Rebuilding When CPPFLAGS Changes

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Summary:

GNU Make has no way of detecting that some targets ought to be rebuilt, because it doesn't take into account changing the commands. If, for example DEBUG=1 causes the flags passed to the compiler to change then the target ought to be rebuilt. This article shows how, in a few lines of GNU Make code, to make that happen.

For example, what happens if you do a non-debug build (by typing make) and then run a debug build by typing make DEBUG=1. Unless the build has been structured so that the names of targets are dependent on whether the build is debug or non-debug, nothing happens at all.

GNU Make has no way of detecting that some targets ought to be rebuilt, because it doesn't take into account changing the commands. If, for example DEBUG=1 causes the flags passed to the compiler to change then the target ought to be rebuilt.

This article shows how, in a few lines of GNU Make code, to make that happen.

An Example

Here's an example Makefile that's used throughout this article to demonstrate the rebuilding when commands change system. To make the operation of the system very clear I've avoided using built-in GNU Make rules so this Makefile isn't as simple as it could be.

The Makefile creates two .o files: foo.o and bar.o by compiling corresponding .c files. The compilation is done using the built-in variable COMPILE.C (which will be something like normally be the name of a suitable compiler for your system, references to variables like CPPFLAGS and use of $@ and $< to compile the right thing).

There's a specific reference to $(DEBUG), it's turned into a preprocessor variable called DEBUG using the compiler's -D option. I haven't bothered showing the contents of foo.c and bar.c as they are irrelevant.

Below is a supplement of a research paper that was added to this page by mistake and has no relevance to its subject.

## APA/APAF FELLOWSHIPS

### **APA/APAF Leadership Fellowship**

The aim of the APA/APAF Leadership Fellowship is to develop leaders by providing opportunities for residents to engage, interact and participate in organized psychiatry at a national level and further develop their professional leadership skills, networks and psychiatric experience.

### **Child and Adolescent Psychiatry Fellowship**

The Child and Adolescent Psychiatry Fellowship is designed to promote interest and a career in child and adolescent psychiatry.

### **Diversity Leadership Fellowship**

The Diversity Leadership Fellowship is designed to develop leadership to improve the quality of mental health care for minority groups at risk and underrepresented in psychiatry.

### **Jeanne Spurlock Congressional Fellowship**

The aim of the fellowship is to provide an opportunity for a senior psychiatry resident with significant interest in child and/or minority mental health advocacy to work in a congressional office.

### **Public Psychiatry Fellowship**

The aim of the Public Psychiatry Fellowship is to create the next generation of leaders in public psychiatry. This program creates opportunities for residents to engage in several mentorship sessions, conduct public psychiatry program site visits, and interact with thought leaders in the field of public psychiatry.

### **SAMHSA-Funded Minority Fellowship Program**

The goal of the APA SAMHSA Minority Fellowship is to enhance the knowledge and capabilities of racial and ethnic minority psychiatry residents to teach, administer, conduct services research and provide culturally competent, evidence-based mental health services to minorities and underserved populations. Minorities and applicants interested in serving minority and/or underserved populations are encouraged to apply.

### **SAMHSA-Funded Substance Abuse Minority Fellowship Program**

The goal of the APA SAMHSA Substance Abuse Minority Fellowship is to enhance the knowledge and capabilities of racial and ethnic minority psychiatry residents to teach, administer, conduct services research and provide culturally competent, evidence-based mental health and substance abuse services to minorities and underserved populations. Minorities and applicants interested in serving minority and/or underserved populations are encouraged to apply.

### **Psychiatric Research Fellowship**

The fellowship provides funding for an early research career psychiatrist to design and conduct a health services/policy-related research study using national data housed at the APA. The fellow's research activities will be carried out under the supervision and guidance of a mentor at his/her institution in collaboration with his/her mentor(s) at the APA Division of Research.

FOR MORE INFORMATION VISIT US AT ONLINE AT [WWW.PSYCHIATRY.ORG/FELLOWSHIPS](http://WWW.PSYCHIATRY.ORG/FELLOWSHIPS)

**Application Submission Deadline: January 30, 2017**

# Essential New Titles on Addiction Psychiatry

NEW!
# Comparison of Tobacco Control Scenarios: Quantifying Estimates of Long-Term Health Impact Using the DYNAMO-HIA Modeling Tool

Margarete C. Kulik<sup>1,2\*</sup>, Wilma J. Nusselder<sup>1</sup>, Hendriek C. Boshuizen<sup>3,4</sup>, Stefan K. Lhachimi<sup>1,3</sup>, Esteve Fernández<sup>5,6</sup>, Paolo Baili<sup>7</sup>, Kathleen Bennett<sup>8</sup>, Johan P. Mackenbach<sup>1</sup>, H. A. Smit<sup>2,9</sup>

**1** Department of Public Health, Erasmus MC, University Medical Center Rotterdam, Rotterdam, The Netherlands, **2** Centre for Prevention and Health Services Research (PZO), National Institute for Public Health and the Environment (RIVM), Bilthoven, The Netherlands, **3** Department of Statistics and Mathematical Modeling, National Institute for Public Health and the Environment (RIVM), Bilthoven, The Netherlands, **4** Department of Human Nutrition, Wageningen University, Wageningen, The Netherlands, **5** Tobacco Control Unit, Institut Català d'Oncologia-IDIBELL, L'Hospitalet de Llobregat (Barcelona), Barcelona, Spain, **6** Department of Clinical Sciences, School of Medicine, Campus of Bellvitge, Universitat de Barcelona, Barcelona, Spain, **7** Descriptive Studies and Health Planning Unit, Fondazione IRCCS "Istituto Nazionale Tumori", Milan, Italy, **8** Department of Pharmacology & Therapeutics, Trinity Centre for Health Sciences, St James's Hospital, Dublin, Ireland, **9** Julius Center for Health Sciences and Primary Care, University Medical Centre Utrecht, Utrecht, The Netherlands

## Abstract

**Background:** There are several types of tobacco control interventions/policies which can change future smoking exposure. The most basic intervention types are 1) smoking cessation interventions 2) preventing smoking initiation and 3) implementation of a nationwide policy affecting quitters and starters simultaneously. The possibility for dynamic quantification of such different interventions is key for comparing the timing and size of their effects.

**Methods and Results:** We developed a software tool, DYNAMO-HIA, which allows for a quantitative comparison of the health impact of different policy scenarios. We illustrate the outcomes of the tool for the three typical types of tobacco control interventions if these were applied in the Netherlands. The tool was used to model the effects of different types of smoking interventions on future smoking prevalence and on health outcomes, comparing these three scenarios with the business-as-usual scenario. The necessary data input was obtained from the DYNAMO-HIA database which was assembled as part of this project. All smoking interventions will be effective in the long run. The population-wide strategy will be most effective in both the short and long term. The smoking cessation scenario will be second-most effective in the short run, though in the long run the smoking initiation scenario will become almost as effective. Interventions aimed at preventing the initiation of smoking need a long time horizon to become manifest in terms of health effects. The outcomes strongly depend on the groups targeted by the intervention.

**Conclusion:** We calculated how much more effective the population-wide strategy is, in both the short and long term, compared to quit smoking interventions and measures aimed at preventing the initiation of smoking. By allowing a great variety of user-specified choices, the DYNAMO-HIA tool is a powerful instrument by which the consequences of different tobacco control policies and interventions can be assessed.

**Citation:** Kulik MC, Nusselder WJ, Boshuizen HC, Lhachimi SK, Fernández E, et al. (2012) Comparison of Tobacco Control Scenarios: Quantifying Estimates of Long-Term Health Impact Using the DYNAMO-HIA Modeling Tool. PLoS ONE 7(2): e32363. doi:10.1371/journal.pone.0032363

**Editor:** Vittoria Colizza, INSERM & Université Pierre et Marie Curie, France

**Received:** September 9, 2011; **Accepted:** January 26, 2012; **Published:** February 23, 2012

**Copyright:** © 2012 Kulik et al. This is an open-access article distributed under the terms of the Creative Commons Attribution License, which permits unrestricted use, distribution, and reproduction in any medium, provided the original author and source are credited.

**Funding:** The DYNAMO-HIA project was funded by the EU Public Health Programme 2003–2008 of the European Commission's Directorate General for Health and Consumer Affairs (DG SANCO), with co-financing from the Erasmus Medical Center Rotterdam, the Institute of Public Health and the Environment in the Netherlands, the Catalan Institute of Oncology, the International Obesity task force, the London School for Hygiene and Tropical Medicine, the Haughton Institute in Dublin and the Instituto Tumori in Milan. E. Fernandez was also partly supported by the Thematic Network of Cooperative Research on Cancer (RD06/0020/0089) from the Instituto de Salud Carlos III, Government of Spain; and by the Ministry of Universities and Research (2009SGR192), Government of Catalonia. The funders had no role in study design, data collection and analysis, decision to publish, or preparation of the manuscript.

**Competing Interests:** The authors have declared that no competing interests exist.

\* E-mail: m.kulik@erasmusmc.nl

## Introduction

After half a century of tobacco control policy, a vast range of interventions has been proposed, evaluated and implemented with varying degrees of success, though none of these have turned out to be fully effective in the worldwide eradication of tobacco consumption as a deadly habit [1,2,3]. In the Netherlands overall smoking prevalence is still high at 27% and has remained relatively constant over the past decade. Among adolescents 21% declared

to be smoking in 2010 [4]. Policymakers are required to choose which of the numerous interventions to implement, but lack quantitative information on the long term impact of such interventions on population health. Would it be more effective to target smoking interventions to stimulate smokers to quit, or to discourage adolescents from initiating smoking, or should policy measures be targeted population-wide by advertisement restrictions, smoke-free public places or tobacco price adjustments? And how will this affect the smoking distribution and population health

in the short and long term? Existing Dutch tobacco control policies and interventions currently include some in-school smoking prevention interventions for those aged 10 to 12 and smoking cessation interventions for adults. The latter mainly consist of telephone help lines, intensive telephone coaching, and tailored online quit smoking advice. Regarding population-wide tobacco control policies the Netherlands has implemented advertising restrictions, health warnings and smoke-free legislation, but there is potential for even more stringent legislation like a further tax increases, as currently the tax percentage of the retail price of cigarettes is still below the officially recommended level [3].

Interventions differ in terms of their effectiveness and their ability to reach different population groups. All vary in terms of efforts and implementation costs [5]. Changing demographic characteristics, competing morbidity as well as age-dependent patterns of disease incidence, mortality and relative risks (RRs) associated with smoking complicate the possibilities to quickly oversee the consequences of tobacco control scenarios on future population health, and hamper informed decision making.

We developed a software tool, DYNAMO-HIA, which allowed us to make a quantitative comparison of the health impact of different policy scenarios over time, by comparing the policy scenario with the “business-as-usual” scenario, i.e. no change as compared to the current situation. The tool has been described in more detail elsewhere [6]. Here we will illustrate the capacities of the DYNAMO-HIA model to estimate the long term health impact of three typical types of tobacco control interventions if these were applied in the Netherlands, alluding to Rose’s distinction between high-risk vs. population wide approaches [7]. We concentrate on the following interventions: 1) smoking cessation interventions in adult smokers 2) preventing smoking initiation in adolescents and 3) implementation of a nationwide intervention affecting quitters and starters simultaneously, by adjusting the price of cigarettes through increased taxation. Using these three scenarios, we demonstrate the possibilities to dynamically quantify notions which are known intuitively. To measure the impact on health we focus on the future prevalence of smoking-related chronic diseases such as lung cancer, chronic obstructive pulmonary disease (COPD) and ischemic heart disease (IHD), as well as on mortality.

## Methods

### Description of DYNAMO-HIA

all: foo.o bar.o

foo.o: foo.c
    $(COMPILE.C) -DDEBUG=$(DEBUG) -o $@ $<

bar.o: bar.c
    $(COMPILE.C) -o $@ $<

Here's what happens if we first run make (which means that DEBUG is undefined) followed by make DEBUG=1.

$ make
g++    -c -DDEBUG= -o foo.o foo.c
g++    -c -o bar.o bar.c

Now foo.o and bar.o have been created (with DEBUG empty) and so typing make again does nothing:

$ make
make: Nothing to be done for `all'.

Typing make DEBUG=1 also does nothing, even though the object file foo.o would likely be different if it were rebuilt with DEBUG defined.

$ make DEBUG=1
make: Nothing to be done for `all'.

The signature system described below will correct that, with very little work for the Makefile maintainer.

The Example Revisited

To fix the problem described above this article introduces a helper Makefile called signature. The contents and working of signature are described below, but first let's look at how the example Makefile is modified to used the signature helper.

include signature

all: foo.o bar.o

foo.o: foo.c
    $(call do,$$(COMPILE.C) -DDEBUG=$$(DEBUG) -o $$@ $$<)

bar.o: bar.c
    $(call do,$$(COMPILE.C) -o $$@ $$<)

-include foo.sig bar.sig

Three changes have been made to the file: firstly include signature has been added at the start so that the code that handles the signature updating is included. The commands in the two rules have been wrapped with $(call do,...) and the $ signs for each command have been quoted with a second $.

Lastly for each .o file being managed by signature there's an include of a corresponding .sig file. The final line of the Makefile includes foo.sig (for foo.o) and bar.sig (for bar.o). Notice that -include is used in case the .sig file is missing.

Before seeing how this works here are some example of it in operation. First run a clean build (i.e. with no .o files present) and then rerun make to see that there's nothing to do:

$ make
g++    -c -DDEBUG= -o foo.o foo.c
g++    -c -o bar.o bar.c
$ make
make: Nothing to be done for `all'.

But now setting DEBUG to 1 on the make command-line cause foo.o to rebuild because its 'signature' (i.e. the actual commands to

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